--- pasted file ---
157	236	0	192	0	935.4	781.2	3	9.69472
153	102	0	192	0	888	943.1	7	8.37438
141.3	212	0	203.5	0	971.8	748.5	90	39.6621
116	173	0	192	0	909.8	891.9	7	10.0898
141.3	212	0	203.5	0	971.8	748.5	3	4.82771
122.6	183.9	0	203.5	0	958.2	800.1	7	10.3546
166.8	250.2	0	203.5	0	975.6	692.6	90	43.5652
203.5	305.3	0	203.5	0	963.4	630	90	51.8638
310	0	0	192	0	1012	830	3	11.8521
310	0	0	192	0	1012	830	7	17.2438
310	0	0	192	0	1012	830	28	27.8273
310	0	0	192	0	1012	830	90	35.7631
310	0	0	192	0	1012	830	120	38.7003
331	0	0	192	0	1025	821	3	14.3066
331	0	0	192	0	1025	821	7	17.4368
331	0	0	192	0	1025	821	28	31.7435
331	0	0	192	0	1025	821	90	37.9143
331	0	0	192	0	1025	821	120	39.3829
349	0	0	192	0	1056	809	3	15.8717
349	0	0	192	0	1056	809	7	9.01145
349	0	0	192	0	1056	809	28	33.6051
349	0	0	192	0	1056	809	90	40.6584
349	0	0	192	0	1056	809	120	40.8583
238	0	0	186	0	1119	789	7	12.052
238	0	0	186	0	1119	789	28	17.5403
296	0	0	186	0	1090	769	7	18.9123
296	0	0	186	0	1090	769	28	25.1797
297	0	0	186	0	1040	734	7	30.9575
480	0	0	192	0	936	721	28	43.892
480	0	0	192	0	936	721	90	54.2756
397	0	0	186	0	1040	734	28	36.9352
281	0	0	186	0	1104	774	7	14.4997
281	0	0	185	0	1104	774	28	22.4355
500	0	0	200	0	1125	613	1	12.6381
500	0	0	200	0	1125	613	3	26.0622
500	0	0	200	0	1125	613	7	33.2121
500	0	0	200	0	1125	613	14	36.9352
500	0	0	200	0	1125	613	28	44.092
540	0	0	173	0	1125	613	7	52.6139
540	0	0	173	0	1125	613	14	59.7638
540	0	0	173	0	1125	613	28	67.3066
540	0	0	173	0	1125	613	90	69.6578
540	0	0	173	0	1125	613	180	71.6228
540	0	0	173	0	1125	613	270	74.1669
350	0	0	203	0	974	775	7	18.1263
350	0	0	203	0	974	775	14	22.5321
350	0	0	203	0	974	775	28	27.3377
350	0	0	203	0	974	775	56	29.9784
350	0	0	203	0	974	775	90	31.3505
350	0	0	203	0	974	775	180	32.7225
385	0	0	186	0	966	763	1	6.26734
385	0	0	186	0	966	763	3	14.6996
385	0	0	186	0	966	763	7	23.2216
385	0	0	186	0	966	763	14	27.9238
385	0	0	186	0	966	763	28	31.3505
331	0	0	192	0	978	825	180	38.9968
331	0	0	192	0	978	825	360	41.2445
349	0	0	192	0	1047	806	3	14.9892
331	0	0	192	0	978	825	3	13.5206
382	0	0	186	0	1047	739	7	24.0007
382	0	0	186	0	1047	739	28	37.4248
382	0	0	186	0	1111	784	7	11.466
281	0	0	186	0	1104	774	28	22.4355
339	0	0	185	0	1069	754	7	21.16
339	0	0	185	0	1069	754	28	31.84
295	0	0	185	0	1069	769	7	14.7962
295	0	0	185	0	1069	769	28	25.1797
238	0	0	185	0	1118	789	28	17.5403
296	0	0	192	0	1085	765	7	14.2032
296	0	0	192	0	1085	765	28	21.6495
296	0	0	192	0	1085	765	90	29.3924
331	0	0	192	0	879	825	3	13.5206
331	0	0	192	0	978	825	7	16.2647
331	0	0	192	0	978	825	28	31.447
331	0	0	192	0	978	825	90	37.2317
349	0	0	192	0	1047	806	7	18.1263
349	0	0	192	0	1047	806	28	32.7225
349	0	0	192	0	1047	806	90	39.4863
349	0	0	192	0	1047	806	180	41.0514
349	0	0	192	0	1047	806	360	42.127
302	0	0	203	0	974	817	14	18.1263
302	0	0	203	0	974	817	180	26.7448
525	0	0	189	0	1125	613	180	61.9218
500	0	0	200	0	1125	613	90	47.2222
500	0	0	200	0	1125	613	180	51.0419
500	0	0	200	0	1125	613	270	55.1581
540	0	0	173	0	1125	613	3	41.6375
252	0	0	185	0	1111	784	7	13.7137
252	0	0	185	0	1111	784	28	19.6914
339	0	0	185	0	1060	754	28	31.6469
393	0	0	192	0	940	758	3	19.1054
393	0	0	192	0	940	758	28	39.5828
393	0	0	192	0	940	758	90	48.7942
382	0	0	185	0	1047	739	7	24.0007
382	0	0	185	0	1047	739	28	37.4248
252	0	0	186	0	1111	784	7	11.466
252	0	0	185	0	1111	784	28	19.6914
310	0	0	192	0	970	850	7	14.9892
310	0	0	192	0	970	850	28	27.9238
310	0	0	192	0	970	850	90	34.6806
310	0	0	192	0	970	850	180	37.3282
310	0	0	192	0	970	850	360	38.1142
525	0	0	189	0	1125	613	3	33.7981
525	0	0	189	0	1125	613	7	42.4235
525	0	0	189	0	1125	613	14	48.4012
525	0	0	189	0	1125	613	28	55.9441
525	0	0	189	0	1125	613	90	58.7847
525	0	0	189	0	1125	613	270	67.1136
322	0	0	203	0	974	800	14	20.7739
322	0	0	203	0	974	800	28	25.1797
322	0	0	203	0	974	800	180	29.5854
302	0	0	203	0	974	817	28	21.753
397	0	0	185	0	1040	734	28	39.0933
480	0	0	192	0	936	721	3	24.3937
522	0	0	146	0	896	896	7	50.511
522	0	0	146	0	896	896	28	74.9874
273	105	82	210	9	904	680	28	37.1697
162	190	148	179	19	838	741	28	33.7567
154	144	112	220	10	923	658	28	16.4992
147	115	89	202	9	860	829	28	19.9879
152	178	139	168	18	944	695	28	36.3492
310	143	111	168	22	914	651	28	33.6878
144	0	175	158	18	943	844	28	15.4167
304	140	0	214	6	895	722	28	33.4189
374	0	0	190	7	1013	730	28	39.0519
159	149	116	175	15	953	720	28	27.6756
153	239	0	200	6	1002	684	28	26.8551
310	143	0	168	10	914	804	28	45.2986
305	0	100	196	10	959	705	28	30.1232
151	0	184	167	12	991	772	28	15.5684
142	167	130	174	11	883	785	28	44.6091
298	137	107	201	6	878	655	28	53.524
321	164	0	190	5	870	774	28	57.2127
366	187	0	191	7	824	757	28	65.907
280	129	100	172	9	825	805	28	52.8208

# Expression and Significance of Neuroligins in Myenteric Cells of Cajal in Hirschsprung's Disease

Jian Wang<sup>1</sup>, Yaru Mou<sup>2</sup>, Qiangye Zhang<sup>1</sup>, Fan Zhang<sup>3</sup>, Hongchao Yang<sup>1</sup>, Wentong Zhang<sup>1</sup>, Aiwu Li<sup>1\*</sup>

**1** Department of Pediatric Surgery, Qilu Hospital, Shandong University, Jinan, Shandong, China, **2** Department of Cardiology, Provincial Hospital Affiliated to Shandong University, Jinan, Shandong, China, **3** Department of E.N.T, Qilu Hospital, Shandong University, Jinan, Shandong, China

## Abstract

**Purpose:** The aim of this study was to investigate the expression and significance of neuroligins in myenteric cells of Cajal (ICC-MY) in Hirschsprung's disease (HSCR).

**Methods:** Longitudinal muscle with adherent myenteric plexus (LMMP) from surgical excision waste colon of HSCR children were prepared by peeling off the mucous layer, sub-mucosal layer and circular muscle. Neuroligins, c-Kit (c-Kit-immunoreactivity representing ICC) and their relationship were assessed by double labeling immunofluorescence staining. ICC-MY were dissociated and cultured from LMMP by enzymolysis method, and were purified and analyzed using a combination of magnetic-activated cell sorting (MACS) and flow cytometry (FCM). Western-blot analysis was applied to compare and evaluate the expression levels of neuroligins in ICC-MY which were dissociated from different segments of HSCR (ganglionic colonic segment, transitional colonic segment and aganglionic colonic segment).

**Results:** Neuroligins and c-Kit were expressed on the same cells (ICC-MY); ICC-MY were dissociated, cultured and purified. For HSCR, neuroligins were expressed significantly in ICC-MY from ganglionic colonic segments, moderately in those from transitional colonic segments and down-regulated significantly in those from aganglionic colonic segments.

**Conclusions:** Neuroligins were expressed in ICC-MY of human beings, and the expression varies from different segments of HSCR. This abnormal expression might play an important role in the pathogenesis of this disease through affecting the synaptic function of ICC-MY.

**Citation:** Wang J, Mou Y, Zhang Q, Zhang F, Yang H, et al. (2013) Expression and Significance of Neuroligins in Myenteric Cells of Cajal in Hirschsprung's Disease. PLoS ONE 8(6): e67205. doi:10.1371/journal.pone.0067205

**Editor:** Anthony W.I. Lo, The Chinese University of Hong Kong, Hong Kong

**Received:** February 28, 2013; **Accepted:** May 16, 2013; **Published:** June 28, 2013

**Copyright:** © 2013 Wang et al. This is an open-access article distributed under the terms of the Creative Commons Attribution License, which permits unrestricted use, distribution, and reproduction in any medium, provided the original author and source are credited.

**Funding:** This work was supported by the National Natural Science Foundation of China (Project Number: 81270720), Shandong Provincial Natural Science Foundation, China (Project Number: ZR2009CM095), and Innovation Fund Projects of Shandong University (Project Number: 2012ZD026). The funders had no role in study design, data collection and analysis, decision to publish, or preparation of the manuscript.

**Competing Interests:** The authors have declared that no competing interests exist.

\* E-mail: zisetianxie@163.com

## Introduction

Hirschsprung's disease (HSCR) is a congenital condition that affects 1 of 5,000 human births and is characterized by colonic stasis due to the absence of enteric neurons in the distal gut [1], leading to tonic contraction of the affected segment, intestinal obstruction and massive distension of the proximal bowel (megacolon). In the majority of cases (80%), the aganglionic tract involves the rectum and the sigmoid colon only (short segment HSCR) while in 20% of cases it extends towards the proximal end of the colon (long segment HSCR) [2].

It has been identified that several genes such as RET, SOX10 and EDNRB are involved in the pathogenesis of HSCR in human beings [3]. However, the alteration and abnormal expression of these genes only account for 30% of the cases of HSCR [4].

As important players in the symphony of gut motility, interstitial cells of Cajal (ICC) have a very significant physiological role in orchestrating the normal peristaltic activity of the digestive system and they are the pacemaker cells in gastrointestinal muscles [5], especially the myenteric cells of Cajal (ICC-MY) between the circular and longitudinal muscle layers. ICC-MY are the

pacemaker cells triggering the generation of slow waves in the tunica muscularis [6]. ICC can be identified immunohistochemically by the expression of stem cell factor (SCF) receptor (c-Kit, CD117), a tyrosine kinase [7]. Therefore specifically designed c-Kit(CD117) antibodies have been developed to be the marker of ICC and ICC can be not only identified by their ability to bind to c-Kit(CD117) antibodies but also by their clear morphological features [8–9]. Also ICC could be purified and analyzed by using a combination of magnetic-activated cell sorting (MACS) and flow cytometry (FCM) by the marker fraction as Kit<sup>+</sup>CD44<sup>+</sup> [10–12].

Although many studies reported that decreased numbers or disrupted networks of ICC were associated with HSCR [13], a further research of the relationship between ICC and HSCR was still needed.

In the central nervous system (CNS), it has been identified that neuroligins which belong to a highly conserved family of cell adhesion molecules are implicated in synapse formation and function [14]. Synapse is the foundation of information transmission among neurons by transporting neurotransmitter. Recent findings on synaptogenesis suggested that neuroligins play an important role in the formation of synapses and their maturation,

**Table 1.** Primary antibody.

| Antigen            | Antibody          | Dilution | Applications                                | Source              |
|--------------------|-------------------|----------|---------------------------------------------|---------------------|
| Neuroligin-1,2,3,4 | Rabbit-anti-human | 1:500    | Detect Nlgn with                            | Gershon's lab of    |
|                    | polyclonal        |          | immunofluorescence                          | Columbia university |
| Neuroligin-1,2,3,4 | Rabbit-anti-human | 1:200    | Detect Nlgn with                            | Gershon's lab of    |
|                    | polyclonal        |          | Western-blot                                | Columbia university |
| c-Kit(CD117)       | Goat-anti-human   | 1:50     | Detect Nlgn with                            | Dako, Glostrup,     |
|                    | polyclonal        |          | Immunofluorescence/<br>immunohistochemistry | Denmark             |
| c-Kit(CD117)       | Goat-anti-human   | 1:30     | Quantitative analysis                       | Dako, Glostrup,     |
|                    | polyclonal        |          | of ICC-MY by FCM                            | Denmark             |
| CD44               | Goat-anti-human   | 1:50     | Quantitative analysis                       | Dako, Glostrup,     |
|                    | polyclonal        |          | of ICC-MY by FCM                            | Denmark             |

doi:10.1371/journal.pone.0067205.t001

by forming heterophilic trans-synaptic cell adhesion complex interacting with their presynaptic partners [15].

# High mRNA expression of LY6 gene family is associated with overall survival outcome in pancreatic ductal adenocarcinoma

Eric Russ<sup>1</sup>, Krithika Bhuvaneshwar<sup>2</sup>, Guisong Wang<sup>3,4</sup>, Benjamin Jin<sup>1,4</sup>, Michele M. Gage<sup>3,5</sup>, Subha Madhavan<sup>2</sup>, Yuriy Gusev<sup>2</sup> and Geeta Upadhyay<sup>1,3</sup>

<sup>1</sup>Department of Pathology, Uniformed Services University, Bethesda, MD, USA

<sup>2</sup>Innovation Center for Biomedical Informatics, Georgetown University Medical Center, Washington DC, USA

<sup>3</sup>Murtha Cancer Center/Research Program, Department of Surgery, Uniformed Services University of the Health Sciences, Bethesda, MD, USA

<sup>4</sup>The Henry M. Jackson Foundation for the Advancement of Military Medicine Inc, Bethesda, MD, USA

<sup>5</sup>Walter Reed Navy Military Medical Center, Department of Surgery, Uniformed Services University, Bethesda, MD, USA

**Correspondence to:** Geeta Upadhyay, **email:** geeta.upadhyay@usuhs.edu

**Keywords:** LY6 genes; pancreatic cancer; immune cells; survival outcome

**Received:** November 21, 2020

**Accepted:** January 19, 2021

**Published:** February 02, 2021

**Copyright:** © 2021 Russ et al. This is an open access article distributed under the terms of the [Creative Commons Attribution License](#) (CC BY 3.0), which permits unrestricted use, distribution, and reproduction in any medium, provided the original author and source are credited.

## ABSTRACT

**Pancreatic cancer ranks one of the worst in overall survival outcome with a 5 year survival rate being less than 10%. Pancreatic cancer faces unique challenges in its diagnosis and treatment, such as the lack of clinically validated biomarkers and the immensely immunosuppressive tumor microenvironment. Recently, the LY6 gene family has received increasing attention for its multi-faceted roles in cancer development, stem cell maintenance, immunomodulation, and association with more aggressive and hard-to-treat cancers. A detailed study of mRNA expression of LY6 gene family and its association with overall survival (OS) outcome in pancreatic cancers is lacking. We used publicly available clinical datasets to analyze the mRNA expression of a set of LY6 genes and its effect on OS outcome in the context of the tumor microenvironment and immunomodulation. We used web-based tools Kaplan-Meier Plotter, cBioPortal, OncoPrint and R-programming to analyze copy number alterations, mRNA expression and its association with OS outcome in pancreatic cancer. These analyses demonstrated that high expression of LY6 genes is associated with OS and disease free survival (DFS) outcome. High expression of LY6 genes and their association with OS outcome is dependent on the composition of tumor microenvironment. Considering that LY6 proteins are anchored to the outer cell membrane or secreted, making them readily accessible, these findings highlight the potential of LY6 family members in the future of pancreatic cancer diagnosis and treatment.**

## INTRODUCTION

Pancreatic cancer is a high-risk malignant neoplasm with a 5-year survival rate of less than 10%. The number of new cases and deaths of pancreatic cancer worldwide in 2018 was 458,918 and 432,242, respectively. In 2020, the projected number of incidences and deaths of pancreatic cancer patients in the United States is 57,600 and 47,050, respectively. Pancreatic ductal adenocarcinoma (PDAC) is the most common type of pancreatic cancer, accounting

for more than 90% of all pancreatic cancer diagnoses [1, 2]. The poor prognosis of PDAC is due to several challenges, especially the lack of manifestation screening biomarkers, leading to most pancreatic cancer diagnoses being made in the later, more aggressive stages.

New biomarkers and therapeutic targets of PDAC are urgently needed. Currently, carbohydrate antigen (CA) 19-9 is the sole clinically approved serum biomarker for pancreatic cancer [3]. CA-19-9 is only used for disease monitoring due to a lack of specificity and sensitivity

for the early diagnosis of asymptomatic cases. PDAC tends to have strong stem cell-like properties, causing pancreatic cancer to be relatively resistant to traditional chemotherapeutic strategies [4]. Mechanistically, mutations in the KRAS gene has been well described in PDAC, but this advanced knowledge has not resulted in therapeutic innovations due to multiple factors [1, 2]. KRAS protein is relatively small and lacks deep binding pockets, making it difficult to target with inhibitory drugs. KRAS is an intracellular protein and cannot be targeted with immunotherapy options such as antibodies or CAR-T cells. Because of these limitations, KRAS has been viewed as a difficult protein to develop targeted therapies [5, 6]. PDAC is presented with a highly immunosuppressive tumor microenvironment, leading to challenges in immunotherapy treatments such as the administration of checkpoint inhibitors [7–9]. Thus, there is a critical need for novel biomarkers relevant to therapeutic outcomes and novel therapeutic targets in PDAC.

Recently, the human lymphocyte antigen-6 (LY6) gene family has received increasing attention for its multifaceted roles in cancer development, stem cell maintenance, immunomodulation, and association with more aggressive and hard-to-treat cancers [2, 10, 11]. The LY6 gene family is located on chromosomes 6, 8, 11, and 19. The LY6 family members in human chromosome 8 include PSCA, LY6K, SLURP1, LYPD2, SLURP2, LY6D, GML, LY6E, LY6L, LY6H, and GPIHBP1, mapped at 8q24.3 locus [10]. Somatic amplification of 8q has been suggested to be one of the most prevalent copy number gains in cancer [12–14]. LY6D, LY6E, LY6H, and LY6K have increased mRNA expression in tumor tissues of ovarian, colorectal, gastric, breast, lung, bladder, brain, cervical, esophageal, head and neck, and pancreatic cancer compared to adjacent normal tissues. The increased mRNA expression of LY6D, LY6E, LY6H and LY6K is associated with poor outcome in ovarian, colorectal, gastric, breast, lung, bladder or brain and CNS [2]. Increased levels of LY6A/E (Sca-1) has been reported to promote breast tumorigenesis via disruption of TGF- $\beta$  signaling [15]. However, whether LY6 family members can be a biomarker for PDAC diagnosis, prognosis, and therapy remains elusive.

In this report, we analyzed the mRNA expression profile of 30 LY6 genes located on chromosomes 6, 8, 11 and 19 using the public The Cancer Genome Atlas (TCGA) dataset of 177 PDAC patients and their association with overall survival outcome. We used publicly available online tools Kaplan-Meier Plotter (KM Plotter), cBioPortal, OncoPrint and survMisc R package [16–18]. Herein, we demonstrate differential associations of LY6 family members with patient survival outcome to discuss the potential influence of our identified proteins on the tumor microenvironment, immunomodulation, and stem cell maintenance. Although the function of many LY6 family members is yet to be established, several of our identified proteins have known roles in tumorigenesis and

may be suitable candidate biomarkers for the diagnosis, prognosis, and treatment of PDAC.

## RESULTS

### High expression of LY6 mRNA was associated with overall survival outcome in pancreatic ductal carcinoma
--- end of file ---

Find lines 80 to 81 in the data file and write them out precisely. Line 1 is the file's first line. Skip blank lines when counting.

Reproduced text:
349	0	0	192	0	1047	806	360	42.127
302	0	0	203	0	974	817	14	18.1263